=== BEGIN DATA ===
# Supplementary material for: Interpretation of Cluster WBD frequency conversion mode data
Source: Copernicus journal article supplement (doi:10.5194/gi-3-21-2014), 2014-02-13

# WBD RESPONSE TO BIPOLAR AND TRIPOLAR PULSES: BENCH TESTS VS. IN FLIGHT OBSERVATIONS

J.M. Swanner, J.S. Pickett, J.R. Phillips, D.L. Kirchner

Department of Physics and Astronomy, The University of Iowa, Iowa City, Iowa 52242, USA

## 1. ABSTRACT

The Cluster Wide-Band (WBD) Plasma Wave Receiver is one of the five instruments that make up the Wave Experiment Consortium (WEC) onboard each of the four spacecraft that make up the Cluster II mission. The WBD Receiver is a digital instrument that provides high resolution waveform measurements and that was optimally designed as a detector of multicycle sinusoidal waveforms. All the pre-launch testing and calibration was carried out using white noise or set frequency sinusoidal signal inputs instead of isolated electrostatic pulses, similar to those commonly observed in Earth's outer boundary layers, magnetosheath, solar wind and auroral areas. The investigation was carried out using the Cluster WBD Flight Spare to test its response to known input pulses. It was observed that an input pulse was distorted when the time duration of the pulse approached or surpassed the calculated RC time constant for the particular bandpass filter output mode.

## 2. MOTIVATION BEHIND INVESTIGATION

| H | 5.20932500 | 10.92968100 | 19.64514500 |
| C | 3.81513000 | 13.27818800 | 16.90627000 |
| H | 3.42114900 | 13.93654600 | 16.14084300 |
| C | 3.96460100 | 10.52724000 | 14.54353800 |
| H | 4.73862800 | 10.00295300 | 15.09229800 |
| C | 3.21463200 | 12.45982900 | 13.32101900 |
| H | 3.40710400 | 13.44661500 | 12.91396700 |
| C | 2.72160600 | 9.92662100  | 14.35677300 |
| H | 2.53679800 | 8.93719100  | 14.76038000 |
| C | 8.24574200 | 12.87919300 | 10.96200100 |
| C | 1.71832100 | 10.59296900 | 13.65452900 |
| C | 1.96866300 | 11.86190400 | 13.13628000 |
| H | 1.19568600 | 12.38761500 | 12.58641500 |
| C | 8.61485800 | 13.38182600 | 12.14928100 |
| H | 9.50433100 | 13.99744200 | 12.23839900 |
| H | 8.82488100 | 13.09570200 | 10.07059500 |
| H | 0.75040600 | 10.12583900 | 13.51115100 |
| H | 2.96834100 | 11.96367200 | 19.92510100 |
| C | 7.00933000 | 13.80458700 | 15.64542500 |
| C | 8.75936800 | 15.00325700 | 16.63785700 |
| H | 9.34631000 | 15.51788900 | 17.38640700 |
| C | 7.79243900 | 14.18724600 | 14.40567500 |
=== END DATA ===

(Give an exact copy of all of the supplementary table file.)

# Supplementary material for: Interpretation of Cluster WBD frequency conversion mode data
Source: Copernicus journal article supplement (doi:10.5194/gi-3-21-2014), 2014-02-13

# WBD RESPONSE TO BIPOLAR AND TRIPOLAR PULSES: BENCH TESTS VS. IN FLIGHT OBSERVATIONS

J.M. Swanner, J.S. Pickett, J.R. Phillips, D.L. Kirchner

Department of Physics and Astronomy, The University of Iowa, Iowa City, Iowa 52242, USA

## 1. ABSTRACT

The Cluster Wide-Band (WBD) Plasma Wave Receiver is one of the five instruments that make up the Wave Experiment Consortium (WEC) onboard each of the four spacecraft that make up the Cluster II mission. The WBD Receiver is a digital instrument that provides high resolution waveform measurements and that was optimally designed as a detector of multicycle sinusoidal waveforms. All the pre-launch testing and calibration was carried out using white noise or set frequency sinusoidal signal inputs instead of isolated electrostatic pulses, similar to those commonly observed in Earth's outer boundary layers, magnetosheath, solar wind and auroral areas. The investigation was carried out using the Cluster WBD Flight Spare to test its response to known input pulses. It was observed that an input pulse was distorted when the time duration of the pulse approached or surpassed the calculated RC time constant for the particular bandpass filter output mode.

## 2. MOTIVATION BEHIND INVESTIGATION

| H | 5.20932500 | 10.92968100 | 19.64514500 |
| C | 3.81513000 | 13.27818800 | 16.90627000 |
| H | 3.42114900 | 13.93654600 | 16.14084300 |
| C | 3.96460100 | 10.52724000 | 14.54353800 |
| H | 4.73862800 | 10.00295300 | 15.09229800 |
| C | 3.21463200 | 12.45982900 | 13.32101900 |
| H | 3.40710400 | 13.44661500 | 12.91396700 |
| C | 2.72160600 | 9.92662100  | 14.35677300 |
| H | 2.53679800 | 8.93719100  | 14.76038000 |
| C | 8.24574200 | 12.87919300 | 10.96200100 |
| C | 1.71832100 | 10.59296900 | 13.65452900 |
| C | 1.96866300 | 11.86190400 | 13.13628000 |
| H | 1.19568600 | 12.38761500 | 12.58641500 |
| C | 8.61485800 | 13.38182600 | 12.14928100 |
| H | 9.50433100 | 13.99744200 | 12.23839900 |
| H | 8.82488100 | 13.09570200 | 10.07059500 |
| H | 0.75040600 | 10.12583900 | 13.51115100 |
| H | 2.96834100 | 11.96367200 | 19.92510100 |
| C | 7.00933000 | 13.80458700 | 15.64542500 |
| C | 8.75936800 | 15.00325700 | 16.63785700 |
| H | 9.34631000 | 15.51788900 | 17.38640700 |
| C | 7.79243900 | 14.18724600 | 14.40567500 |